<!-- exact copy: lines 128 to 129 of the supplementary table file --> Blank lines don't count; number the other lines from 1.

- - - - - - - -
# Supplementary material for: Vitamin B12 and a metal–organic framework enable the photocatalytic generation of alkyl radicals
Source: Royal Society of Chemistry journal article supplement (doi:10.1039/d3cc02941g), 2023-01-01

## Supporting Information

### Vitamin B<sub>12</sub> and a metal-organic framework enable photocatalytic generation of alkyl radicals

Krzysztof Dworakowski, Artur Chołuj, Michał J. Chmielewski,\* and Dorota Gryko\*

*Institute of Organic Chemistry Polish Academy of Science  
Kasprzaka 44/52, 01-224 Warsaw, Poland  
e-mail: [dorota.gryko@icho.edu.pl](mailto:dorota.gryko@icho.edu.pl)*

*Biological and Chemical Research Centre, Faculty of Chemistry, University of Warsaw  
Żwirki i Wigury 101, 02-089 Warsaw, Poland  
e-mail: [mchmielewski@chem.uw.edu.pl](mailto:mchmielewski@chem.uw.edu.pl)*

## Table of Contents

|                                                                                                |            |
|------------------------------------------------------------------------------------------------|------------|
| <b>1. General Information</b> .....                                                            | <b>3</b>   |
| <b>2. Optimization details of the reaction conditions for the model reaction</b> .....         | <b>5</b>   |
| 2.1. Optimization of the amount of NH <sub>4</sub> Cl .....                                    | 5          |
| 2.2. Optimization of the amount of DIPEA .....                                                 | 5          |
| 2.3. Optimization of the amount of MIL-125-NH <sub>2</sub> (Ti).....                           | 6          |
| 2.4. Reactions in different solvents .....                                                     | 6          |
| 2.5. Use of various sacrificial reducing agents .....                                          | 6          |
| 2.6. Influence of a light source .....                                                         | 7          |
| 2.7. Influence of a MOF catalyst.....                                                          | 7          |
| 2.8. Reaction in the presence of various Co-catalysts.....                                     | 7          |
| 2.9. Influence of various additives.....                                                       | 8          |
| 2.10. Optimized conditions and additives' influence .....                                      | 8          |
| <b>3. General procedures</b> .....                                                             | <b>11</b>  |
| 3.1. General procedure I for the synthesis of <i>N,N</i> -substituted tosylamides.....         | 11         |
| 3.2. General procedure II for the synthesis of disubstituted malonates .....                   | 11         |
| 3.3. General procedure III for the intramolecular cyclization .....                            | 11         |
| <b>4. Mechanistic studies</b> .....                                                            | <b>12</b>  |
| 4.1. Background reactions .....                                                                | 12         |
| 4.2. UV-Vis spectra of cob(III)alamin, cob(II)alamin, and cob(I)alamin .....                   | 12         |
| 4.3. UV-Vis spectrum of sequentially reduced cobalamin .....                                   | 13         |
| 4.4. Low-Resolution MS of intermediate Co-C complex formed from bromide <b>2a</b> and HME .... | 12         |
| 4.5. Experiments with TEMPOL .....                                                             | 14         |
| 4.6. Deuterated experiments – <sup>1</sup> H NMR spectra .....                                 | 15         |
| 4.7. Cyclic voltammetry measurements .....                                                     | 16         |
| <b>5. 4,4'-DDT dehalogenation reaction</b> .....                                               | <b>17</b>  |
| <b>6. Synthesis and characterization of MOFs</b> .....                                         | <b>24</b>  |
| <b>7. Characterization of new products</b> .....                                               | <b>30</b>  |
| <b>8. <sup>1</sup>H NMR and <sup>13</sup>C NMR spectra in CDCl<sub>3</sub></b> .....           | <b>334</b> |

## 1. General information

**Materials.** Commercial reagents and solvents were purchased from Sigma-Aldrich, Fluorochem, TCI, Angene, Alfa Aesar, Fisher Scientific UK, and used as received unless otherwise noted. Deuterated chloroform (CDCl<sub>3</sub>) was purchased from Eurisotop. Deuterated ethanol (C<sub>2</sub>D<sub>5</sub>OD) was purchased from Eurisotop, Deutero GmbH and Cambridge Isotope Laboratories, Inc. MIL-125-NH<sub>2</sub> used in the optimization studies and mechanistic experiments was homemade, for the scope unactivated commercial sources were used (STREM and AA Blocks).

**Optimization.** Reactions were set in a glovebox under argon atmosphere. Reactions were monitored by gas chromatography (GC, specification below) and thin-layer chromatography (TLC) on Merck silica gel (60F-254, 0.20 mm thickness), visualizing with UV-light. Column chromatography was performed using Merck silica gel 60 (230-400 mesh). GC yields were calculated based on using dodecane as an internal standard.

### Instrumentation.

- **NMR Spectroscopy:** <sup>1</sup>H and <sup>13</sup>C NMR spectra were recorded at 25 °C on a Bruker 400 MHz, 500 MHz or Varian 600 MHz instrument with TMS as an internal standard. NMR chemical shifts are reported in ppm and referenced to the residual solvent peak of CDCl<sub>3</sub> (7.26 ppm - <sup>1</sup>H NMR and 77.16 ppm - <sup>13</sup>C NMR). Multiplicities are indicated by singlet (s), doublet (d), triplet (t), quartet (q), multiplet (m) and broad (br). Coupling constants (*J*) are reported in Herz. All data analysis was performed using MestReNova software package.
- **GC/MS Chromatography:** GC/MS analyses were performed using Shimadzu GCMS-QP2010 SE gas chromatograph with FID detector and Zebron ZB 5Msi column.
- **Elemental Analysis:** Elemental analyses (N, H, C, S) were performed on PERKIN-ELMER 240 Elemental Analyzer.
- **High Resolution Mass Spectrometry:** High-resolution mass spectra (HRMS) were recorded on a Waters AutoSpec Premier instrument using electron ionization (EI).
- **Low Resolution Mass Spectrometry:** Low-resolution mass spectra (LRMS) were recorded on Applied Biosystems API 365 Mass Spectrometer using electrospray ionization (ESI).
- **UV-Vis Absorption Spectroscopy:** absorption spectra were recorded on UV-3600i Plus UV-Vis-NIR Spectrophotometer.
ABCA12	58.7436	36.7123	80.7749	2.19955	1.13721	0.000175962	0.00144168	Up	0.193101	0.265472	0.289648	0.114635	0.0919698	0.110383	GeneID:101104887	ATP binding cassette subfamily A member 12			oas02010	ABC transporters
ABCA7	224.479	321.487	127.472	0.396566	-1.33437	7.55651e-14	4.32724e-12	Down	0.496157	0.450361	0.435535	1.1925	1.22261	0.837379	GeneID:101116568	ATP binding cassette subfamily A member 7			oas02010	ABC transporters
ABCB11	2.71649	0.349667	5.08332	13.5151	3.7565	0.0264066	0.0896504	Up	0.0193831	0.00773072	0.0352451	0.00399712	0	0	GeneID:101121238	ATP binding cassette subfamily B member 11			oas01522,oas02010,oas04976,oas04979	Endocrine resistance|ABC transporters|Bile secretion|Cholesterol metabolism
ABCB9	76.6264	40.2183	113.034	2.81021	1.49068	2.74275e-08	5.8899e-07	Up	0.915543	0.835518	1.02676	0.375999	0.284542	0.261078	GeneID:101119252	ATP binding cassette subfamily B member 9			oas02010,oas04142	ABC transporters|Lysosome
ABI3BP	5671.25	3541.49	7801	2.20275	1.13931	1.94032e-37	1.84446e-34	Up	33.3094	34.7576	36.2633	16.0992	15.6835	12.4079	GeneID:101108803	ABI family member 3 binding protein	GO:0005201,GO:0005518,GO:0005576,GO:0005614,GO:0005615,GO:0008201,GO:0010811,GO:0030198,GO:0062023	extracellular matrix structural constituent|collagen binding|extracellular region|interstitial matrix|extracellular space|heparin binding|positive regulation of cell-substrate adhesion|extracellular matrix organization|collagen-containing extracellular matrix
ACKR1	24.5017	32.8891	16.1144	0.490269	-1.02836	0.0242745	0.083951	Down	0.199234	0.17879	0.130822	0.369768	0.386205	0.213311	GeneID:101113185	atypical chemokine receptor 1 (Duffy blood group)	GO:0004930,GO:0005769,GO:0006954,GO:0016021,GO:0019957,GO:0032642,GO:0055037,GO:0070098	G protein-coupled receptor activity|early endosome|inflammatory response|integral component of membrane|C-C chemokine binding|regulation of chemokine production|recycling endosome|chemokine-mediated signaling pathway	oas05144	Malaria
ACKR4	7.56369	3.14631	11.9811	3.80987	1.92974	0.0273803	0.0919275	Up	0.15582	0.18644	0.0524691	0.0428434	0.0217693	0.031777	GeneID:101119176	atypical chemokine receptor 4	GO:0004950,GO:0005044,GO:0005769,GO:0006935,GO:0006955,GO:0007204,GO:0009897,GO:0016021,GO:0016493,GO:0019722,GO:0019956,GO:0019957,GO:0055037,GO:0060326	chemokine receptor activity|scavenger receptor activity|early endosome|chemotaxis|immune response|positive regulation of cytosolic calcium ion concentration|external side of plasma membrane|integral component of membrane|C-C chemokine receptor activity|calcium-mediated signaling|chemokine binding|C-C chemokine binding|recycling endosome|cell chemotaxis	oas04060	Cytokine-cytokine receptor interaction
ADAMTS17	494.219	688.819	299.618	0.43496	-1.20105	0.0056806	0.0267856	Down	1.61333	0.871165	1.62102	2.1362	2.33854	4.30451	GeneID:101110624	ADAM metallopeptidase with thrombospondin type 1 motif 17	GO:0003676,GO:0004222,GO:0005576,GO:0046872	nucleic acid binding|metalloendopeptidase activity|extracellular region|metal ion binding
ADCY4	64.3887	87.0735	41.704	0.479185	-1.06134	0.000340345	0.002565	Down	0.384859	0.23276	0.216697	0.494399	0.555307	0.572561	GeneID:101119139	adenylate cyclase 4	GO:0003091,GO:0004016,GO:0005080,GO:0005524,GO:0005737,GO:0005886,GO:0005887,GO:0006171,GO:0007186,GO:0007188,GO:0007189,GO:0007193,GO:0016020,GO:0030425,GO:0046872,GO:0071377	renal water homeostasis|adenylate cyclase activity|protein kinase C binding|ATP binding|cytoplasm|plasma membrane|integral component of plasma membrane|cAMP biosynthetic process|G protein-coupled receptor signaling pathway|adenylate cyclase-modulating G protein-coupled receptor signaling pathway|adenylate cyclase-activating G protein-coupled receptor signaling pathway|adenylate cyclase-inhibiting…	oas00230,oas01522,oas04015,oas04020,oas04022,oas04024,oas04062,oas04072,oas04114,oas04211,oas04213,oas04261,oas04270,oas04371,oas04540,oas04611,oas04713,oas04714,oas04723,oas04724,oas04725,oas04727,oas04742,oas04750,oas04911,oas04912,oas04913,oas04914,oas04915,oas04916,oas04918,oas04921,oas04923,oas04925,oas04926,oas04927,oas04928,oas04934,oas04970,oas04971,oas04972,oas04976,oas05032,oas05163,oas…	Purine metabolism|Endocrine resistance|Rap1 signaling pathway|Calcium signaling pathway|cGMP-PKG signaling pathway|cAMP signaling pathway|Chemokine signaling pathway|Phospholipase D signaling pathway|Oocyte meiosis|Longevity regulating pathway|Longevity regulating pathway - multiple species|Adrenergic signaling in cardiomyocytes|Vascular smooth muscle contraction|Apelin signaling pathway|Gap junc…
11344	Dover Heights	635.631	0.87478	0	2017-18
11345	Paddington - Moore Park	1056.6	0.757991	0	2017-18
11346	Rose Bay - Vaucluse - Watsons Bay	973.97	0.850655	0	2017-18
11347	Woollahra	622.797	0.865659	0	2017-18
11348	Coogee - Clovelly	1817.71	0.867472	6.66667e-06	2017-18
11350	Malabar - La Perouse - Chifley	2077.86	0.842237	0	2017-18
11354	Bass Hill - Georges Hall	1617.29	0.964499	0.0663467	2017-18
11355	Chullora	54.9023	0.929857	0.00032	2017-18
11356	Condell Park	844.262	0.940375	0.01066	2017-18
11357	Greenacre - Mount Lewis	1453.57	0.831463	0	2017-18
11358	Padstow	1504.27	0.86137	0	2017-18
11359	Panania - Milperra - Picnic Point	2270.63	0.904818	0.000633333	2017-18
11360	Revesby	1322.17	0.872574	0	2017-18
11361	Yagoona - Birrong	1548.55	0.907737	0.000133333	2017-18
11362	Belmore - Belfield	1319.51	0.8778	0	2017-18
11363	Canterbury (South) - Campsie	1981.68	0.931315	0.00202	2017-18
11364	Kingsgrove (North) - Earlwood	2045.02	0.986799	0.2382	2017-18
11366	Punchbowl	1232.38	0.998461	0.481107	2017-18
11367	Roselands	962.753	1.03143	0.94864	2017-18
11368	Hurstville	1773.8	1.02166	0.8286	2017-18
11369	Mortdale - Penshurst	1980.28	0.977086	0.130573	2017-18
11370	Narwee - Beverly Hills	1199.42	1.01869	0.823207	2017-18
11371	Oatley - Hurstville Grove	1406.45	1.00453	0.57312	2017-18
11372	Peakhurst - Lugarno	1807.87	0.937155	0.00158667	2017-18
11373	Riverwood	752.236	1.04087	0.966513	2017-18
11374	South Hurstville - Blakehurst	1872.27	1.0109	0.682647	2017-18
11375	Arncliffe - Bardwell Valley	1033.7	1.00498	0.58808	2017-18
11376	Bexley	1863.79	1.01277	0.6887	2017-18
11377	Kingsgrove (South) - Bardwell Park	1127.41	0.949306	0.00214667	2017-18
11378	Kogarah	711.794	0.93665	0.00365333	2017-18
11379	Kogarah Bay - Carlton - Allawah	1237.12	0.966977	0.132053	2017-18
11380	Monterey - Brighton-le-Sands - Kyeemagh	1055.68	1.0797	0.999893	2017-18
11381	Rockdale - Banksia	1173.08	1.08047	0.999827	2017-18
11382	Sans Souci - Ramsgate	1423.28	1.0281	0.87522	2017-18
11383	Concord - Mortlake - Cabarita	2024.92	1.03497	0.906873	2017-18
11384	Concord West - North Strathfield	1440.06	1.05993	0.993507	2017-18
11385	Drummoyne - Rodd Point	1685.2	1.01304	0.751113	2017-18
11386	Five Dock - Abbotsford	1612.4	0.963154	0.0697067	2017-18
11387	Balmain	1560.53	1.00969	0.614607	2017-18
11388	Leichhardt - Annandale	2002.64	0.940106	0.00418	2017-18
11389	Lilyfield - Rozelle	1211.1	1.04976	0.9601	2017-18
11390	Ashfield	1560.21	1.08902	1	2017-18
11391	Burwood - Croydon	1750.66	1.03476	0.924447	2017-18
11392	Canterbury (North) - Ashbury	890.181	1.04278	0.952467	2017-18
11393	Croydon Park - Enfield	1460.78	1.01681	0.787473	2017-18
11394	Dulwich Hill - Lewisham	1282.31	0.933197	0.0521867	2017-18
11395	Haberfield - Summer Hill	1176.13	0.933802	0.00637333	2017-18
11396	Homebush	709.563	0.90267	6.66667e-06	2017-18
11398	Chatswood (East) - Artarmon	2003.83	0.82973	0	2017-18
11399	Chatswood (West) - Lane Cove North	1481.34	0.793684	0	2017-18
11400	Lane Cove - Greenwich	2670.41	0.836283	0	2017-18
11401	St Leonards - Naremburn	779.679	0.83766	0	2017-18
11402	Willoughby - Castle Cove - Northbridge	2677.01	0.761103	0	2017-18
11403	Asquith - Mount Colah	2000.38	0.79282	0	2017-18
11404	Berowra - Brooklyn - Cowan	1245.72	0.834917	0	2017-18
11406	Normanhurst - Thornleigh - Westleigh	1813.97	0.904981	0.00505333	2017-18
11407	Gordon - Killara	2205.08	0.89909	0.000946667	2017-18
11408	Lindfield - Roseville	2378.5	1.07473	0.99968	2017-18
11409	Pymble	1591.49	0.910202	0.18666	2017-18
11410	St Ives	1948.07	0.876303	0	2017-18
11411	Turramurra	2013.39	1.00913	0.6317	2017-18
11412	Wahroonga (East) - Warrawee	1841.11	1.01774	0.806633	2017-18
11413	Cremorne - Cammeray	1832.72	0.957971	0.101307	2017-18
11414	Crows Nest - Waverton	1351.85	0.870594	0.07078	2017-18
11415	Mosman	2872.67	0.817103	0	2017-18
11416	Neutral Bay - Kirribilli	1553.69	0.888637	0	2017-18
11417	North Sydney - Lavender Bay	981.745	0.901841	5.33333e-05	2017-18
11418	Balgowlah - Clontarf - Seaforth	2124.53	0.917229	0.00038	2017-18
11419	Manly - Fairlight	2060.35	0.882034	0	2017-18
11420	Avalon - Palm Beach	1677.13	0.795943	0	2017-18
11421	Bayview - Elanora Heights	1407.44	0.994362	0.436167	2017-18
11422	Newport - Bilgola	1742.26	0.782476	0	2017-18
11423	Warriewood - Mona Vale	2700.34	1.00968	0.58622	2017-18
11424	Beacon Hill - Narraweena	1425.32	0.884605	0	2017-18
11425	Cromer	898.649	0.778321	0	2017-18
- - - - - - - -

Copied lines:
11417	North Sydney - Lavender Bay	981.745	0.901841	5.33333e-05	2017-18
11418	Balgowlah - Clontarf - Seaforth	2124.53	0.917229	0.00038	2017-18